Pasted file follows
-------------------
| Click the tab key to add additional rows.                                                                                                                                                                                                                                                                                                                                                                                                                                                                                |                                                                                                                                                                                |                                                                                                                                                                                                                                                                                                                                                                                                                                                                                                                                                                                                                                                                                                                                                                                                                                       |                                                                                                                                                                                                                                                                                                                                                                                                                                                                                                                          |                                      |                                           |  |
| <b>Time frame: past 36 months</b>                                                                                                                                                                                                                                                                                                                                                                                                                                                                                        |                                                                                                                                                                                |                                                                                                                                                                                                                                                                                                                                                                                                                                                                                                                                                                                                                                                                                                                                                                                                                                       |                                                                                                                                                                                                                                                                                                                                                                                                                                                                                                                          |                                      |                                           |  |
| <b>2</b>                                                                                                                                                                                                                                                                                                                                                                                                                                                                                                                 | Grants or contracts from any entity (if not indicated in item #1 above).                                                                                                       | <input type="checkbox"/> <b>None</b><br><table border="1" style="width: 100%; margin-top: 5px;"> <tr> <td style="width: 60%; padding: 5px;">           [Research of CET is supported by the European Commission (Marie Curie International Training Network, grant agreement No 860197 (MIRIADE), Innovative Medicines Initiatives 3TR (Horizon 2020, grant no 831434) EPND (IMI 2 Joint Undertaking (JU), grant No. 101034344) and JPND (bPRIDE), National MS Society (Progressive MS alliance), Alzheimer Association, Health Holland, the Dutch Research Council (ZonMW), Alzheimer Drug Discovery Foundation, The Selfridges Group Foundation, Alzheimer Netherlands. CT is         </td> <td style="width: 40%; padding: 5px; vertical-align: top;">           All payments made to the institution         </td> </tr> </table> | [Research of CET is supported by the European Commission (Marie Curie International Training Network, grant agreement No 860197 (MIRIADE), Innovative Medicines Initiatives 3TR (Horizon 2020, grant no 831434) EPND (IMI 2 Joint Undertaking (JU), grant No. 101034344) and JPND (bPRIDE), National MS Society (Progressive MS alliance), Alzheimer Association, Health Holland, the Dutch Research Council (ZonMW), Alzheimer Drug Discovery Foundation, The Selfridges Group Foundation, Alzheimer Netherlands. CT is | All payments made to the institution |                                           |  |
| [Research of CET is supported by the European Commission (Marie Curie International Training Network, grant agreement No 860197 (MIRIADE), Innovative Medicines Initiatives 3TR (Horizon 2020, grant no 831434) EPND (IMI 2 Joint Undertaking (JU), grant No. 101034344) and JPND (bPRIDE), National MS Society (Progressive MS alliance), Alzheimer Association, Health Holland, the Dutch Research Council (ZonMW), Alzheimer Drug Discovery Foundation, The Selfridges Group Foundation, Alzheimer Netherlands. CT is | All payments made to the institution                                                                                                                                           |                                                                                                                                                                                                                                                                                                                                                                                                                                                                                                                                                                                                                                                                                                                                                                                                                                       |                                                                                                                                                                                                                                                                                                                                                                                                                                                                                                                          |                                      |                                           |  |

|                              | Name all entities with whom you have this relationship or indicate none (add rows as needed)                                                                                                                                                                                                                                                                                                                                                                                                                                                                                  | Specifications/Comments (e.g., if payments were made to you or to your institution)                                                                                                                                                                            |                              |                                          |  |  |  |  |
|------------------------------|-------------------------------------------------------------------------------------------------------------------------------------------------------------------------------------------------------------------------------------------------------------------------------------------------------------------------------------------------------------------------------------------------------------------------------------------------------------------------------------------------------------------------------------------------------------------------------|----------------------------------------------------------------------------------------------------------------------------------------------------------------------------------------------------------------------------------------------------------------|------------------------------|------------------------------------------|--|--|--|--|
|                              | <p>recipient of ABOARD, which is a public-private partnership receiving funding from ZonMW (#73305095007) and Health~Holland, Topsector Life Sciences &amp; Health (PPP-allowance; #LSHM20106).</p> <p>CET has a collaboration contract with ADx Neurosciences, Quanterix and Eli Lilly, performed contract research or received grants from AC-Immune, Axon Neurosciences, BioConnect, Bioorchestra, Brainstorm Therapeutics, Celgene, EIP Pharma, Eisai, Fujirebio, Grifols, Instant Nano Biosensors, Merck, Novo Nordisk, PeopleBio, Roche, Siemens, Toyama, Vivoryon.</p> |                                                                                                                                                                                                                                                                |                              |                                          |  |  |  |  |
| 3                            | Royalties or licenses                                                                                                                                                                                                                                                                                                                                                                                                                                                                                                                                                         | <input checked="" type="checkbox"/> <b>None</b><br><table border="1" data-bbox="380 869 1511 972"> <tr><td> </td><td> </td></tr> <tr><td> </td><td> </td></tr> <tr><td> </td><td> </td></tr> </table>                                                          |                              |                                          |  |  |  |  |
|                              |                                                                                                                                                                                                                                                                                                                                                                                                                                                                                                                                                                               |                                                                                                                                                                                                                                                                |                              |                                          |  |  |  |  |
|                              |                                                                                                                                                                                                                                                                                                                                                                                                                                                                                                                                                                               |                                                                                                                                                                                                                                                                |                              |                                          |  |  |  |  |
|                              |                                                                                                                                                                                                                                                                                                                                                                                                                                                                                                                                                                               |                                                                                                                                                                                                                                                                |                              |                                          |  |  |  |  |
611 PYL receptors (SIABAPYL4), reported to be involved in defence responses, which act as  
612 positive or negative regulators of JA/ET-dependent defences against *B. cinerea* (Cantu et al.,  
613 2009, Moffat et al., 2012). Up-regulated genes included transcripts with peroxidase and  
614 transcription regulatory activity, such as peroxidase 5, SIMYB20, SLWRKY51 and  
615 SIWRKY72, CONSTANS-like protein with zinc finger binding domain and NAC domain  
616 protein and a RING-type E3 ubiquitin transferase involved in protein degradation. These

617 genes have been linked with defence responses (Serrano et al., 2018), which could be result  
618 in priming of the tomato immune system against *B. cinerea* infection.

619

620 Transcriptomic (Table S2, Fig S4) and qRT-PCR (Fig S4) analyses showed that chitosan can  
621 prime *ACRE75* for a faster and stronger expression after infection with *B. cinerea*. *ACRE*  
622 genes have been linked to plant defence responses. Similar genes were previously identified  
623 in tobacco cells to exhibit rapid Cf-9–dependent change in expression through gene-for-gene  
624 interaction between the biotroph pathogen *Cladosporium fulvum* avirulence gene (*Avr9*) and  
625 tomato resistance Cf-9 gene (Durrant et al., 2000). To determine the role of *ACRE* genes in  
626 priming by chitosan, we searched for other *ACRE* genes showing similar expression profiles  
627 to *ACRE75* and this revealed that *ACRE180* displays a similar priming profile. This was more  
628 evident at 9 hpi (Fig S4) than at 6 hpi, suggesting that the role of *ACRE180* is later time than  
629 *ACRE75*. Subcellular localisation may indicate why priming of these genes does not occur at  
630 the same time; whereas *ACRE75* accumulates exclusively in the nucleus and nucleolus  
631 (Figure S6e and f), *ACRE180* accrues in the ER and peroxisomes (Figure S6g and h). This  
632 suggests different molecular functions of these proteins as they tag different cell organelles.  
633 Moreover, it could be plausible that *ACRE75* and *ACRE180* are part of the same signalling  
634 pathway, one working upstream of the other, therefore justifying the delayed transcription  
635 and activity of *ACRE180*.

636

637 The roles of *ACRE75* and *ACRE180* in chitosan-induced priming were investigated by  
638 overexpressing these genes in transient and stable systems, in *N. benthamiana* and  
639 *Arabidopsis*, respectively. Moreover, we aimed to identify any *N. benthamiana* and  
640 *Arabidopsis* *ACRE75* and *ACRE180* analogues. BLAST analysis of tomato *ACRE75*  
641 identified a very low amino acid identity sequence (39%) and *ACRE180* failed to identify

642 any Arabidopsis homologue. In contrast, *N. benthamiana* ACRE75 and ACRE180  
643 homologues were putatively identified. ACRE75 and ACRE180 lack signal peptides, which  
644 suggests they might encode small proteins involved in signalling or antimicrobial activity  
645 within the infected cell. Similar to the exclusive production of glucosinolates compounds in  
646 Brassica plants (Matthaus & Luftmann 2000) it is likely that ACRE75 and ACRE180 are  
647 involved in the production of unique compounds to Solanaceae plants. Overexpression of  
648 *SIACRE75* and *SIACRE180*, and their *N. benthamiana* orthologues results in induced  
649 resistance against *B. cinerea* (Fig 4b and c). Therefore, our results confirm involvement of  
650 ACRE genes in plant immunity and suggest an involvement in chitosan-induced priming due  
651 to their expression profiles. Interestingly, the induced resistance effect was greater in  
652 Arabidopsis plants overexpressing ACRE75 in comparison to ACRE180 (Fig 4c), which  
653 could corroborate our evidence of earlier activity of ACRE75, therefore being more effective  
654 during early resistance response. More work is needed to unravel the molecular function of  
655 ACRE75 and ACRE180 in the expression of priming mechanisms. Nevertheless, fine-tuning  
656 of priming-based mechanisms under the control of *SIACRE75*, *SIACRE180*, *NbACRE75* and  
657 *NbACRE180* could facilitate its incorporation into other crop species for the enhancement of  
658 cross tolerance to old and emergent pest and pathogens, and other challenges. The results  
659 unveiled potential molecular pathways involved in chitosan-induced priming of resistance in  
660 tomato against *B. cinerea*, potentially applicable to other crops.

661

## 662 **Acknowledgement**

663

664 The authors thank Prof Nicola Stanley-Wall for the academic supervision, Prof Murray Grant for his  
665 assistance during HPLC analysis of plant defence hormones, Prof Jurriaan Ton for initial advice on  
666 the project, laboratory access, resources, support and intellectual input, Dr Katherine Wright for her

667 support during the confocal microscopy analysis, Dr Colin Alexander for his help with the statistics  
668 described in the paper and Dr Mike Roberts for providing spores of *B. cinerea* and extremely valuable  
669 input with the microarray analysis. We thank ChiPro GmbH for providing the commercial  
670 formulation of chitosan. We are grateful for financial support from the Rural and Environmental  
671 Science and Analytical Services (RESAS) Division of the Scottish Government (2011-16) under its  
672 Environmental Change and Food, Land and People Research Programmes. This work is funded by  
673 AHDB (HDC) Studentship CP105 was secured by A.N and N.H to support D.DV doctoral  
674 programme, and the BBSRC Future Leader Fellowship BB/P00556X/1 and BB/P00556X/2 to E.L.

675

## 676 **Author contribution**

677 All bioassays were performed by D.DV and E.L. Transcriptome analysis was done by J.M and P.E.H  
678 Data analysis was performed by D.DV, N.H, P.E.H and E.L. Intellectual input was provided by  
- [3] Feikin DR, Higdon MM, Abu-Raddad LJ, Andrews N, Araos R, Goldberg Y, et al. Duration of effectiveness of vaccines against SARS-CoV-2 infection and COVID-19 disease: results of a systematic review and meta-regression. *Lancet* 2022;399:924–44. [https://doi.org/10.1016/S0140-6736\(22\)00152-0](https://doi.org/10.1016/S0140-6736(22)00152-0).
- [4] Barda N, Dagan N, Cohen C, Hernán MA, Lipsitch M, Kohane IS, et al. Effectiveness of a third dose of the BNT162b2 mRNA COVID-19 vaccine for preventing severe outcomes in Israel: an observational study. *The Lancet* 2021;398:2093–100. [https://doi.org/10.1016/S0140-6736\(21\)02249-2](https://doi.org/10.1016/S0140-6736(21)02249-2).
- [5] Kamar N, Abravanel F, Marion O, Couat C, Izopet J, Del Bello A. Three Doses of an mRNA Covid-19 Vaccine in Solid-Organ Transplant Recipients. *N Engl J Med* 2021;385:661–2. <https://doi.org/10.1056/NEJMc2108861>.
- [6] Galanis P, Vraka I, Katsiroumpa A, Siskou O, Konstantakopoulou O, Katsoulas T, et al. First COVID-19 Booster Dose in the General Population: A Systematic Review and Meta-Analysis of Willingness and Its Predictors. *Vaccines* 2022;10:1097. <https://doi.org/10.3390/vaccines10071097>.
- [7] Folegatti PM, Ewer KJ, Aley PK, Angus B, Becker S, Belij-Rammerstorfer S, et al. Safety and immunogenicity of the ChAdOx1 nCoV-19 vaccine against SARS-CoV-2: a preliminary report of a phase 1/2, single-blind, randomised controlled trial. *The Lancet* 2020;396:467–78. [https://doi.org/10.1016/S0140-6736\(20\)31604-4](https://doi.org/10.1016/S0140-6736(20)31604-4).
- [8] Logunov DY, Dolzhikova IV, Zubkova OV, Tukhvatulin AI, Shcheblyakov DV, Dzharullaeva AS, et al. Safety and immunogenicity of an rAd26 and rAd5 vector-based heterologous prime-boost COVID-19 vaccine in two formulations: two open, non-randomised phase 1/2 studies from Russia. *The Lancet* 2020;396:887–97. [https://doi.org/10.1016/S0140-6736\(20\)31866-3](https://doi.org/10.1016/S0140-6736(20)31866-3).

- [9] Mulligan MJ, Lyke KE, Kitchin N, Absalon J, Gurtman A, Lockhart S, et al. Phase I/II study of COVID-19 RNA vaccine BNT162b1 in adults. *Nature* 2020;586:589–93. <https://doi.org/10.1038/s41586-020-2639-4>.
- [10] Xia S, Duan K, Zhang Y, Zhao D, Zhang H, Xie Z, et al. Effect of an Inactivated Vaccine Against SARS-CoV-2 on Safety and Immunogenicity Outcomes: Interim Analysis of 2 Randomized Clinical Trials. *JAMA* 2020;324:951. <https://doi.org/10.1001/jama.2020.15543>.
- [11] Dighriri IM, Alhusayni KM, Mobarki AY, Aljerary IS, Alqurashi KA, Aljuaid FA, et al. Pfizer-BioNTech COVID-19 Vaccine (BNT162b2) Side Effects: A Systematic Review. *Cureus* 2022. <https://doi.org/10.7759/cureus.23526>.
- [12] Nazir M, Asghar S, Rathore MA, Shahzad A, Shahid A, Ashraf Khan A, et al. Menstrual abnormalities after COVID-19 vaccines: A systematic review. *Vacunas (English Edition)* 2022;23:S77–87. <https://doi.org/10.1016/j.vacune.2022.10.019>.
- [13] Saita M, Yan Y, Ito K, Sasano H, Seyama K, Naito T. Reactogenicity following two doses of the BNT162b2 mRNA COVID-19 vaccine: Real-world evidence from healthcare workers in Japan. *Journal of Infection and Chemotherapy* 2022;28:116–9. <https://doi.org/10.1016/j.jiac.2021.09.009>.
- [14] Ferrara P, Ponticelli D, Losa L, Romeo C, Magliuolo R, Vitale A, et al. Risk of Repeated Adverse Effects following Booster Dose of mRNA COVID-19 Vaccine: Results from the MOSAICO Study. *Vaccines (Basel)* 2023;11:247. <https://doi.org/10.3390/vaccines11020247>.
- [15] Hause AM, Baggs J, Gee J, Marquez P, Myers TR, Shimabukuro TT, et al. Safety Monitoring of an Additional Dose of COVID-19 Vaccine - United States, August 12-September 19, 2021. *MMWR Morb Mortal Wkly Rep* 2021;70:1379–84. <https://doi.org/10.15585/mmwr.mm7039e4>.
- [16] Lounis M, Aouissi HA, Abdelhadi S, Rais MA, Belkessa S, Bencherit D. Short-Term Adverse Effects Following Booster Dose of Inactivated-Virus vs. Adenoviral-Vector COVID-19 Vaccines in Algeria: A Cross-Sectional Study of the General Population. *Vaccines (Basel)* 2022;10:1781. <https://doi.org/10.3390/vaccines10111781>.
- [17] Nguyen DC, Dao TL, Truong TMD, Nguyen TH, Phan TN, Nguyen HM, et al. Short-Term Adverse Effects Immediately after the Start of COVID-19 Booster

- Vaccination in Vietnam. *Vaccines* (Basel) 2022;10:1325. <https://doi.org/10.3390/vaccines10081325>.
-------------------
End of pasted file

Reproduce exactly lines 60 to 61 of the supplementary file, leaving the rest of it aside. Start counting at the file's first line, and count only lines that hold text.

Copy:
659 unveiled potential molecular pathways involved in chitosan-induced priming of resistance in  
660 tomato against *B. cinerea*, potentially applicable to other crops.